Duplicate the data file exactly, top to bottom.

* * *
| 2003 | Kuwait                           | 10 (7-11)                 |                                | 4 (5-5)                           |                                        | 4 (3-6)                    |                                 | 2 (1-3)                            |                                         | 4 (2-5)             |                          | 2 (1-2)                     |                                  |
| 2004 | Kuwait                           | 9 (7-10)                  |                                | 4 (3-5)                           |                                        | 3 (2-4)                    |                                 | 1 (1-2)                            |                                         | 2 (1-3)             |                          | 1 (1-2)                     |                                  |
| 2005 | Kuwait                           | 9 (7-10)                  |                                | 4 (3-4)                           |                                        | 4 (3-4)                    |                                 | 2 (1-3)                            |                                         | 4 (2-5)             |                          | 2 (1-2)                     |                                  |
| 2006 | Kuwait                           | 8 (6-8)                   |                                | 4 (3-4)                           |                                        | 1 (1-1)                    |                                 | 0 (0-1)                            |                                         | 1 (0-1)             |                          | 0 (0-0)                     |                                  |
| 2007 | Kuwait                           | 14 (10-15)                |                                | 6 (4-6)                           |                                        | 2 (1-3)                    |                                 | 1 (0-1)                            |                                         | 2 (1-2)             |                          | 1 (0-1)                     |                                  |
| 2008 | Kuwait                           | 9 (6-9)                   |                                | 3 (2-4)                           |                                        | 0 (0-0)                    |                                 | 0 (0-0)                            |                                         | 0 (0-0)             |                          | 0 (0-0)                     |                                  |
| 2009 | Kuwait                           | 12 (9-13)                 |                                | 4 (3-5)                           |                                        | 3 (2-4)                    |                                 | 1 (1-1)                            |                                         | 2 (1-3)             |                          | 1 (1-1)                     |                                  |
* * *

| 2003 | Kuwait                           | 10 (7-11)                 |                                | 4 (5-5)                           |                                        | 4 (3-6)                    |                                 | 2 (1-3)                            |                                         | 4 (2-5)             |                          | 2 (1-2)                     |                                  |
| 2004 | Kuwait                           | 9 (7-10)                  |                                | 4 (3-5)                           |                                        | 3 (2-4)                    |                                 | 1 (1-2)                            |                                         | 2 (1-3)             |                          | 1 (1-2)                     |                                  |
| 2005 | Kuwait                           | 9 (7-10)                  |                                | 4 (3-4)                           |                                        | 4 (3-4)                    |                                 | 2 (1-3)                            |                                         | 4 (2-5)             |                          | 2 (1-2)                     |                                  |
| 2006 | Kuwait                           | 8 (6-8)                   |                                | 4 (3-4)                           |                                        | 1 (1-1)                    |                                 | 0 (0-1)                            |                                         | 1 (0-1)             |                          | 0 (0-0)                     |                                  |
| 2007 | Kuwait                           | 14 (10-15)                |                                | 6 (4-6)                           |                                        | 2 (1-3)                    |                                 | 1 (0-1)                            |                                         | 2 (1-2)             |                          | 1 (0-1)                     |                                  |
| 2008 | Kuwait                           | 9 (6-9)                   |                                | 3 (2-4)                           |                                        | 0 (0-0)                    |                                 | 0 (0-0)                            |                                         | 0 (0-0)             |                          | 0 (0-0)                     |                                  |
| 2009 | Kuwait                           | 12 (9-13)                 |                                | 4 (3-5)                           |                                        | 3 (2-4)                    |                                 | 1 (1-1)                            |                                         | 2 (1-3)             |                          | 1 (1-1)                     |                                  |